|Cray Jr, W|
Submitted to: Meeting Abstract
Publication Type: Abstract Only
Publication Acceptance Date: 4/7/1998
Publication Date: N/A
Citation: N/A Interpretive Summary:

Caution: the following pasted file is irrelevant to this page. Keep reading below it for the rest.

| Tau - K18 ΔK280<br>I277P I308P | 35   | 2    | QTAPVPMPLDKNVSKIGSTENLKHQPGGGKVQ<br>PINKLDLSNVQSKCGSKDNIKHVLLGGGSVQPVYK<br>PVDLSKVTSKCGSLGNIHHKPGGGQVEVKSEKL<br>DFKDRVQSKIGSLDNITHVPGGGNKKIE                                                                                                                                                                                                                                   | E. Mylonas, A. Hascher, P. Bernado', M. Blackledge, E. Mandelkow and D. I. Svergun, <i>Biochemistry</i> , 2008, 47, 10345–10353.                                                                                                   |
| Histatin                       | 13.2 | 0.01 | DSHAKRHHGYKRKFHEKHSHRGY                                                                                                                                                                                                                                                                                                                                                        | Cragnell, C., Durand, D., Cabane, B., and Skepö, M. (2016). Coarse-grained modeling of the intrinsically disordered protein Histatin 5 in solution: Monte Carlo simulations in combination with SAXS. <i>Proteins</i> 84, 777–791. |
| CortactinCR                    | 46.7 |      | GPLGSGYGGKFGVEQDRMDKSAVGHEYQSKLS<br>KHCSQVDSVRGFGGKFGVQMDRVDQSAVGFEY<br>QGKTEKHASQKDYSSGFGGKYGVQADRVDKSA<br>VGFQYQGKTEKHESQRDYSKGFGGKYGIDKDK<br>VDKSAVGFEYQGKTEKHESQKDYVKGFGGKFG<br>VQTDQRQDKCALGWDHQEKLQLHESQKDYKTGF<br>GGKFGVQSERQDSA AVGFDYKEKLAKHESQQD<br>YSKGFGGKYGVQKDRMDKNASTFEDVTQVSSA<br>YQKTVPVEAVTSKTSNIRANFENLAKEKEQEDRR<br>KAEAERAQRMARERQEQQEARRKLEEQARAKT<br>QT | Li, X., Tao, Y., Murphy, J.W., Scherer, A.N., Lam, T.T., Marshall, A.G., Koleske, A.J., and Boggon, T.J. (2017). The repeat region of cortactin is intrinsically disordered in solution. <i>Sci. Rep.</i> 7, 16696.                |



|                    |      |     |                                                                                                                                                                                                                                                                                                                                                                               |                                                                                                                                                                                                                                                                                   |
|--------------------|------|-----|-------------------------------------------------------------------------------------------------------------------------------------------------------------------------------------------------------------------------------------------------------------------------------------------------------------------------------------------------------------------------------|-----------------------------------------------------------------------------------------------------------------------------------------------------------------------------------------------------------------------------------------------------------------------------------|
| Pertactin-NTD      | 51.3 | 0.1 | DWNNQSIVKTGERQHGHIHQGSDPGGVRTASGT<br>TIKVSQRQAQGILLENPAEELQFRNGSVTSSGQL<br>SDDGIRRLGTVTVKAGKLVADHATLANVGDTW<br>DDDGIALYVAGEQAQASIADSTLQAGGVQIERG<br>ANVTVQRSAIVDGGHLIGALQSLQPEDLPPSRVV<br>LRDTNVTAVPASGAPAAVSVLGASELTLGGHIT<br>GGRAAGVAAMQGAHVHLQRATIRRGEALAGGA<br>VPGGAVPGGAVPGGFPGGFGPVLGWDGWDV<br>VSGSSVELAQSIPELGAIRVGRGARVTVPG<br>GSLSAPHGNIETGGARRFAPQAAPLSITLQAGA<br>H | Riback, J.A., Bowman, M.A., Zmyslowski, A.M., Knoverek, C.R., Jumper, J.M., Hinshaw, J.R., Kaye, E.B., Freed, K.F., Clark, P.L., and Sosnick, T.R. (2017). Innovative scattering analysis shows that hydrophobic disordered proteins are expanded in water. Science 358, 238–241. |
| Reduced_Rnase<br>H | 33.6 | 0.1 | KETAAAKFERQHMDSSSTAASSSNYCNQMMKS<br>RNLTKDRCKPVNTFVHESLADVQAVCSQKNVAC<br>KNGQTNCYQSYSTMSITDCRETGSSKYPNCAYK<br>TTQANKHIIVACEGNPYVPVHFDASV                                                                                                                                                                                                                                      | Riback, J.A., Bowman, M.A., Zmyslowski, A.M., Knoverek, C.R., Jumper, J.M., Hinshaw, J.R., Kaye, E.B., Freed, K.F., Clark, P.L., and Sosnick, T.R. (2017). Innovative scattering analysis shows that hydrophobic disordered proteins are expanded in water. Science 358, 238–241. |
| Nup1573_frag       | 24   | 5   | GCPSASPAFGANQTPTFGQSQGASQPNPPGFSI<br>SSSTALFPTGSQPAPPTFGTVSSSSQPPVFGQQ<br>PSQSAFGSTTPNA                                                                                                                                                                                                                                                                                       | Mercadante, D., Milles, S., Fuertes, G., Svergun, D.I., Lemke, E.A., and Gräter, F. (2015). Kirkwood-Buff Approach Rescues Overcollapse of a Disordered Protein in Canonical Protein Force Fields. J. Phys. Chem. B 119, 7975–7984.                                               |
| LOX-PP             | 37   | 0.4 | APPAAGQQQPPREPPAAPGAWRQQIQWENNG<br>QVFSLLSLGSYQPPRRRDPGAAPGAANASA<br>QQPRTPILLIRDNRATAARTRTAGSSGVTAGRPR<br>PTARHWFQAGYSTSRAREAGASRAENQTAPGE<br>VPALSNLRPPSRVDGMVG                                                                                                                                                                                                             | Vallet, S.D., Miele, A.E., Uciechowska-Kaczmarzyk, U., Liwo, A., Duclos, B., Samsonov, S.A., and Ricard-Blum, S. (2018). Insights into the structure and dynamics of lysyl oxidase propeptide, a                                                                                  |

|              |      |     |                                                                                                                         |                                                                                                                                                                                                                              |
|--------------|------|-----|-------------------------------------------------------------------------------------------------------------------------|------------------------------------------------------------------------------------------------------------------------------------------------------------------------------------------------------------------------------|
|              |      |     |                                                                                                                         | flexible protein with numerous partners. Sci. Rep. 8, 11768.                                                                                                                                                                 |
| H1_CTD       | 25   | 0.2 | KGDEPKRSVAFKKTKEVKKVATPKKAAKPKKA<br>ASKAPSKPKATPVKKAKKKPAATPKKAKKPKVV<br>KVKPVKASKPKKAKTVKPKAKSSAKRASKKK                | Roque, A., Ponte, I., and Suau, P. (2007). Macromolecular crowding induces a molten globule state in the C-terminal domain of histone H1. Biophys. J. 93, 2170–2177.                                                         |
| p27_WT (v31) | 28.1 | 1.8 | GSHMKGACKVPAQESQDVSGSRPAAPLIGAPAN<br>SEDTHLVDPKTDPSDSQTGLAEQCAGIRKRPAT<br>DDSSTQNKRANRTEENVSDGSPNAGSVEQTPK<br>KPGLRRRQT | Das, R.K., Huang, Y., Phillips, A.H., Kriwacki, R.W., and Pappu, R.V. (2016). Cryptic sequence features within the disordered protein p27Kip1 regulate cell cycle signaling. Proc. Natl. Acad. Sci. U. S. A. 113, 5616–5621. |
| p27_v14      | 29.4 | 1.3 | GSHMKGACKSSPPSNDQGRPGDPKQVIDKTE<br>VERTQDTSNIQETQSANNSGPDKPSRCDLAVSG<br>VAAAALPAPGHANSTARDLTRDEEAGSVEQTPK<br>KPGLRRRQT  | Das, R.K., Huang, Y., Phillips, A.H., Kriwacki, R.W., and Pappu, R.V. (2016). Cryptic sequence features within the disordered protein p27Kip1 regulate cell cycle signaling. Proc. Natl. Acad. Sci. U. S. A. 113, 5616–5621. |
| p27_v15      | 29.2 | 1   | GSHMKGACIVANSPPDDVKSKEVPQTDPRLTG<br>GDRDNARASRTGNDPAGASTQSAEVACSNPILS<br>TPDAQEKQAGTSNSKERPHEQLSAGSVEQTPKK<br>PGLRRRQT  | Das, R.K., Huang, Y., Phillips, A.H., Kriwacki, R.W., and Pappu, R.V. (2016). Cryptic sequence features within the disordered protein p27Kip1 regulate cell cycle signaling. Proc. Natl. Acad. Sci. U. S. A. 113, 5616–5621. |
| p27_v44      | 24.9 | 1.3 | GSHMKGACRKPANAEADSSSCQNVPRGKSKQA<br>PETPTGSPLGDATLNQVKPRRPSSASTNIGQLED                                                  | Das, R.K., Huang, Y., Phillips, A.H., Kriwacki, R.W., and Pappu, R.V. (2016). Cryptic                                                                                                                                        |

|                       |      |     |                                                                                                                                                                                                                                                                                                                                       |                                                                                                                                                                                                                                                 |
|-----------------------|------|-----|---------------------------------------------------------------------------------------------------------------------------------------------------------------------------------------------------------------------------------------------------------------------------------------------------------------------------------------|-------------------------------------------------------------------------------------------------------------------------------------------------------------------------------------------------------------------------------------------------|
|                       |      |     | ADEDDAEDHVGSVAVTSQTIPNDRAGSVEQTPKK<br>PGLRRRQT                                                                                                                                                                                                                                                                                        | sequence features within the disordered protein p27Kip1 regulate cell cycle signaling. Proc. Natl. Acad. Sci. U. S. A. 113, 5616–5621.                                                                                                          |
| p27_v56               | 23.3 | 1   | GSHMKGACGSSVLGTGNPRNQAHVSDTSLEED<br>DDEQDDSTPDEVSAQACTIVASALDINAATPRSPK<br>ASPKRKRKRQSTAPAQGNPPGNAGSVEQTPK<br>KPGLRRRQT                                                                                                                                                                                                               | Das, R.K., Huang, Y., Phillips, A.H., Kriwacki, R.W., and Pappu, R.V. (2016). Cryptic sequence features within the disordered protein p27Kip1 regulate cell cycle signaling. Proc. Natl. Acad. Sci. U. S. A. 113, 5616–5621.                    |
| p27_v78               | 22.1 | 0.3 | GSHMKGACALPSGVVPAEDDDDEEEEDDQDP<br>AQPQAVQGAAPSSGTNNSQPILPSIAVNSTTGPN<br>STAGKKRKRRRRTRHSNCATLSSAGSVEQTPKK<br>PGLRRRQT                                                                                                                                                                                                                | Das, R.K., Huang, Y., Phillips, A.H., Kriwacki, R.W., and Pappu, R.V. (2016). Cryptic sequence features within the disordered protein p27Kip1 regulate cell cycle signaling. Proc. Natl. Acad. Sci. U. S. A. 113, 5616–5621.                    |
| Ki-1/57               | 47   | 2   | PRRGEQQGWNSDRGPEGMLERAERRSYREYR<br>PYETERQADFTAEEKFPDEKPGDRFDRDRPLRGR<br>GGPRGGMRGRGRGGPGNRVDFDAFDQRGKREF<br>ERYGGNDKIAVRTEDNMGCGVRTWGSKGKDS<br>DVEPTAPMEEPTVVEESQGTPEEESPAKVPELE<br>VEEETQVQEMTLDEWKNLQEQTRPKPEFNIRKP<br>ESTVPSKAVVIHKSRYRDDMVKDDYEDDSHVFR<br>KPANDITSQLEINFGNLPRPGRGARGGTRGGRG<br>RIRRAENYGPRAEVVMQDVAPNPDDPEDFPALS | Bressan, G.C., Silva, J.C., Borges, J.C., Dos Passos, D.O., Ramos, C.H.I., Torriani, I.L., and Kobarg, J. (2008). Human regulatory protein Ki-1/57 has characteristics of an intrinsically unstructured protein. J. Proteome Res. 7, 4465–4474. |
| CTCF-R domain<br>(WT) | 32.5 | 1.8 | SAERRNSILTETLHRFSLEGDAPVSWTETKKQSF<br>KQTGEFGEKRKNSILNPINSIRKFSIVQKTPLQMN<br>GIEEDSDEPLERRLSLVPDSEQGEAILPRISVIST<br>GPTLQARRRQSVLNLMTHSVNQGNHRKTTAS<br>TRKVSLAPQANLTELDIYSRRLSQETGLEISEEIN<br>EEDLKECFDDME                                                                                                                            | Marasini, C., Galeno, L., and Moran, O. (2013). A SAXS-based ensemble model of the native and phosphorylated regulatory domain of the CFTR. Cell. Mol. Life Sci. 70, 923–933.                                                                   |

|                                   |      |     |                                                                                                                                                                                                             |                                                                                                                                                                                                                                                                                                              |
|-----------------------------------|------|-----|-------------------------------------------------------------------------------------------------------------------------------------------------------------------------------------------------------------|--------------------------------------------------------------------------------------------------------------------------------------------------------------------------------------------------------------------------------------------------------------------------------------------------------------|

Technical Abstract: Microbial interactions within the rumen are complex, intensely competitive, and known to inhibit the growth of enterobacteria. Although these facultatively anaerobic enterobacteria are in the rumen, they usually occur at relatively low population densities and are generally regarded to be transient and nongrowing. In recent years, the human pathogen, E. coli O157:H7, has forced microbiologists to reevaluate long held beliefs concerning the role of facultative anaerobes like E. coli in the rumen and other GI tract compartments. In this workshop we will discuss the following factors that may influence the relationship between E. coli O157:H7 and ruminants: 1. Resistance of virulent E. coli to the inhibitory effects of the rumen; 2. Patterns of fecal shedding after oral inoculation; 3. Cattle as a reservoir for E. coli O157:H7; 4. Differences between the rumen and hindgut; 5. Hindgut microbiology of animals that do not contain E. coli; and 6. Emergence of E. coli O157:H7 and the role of feed ingredients and additives. The goal will be to explore research objectives that lead to useful guidance on management practices that producers can implement to reduce the incidence of E. coli O157:H7 in their herds.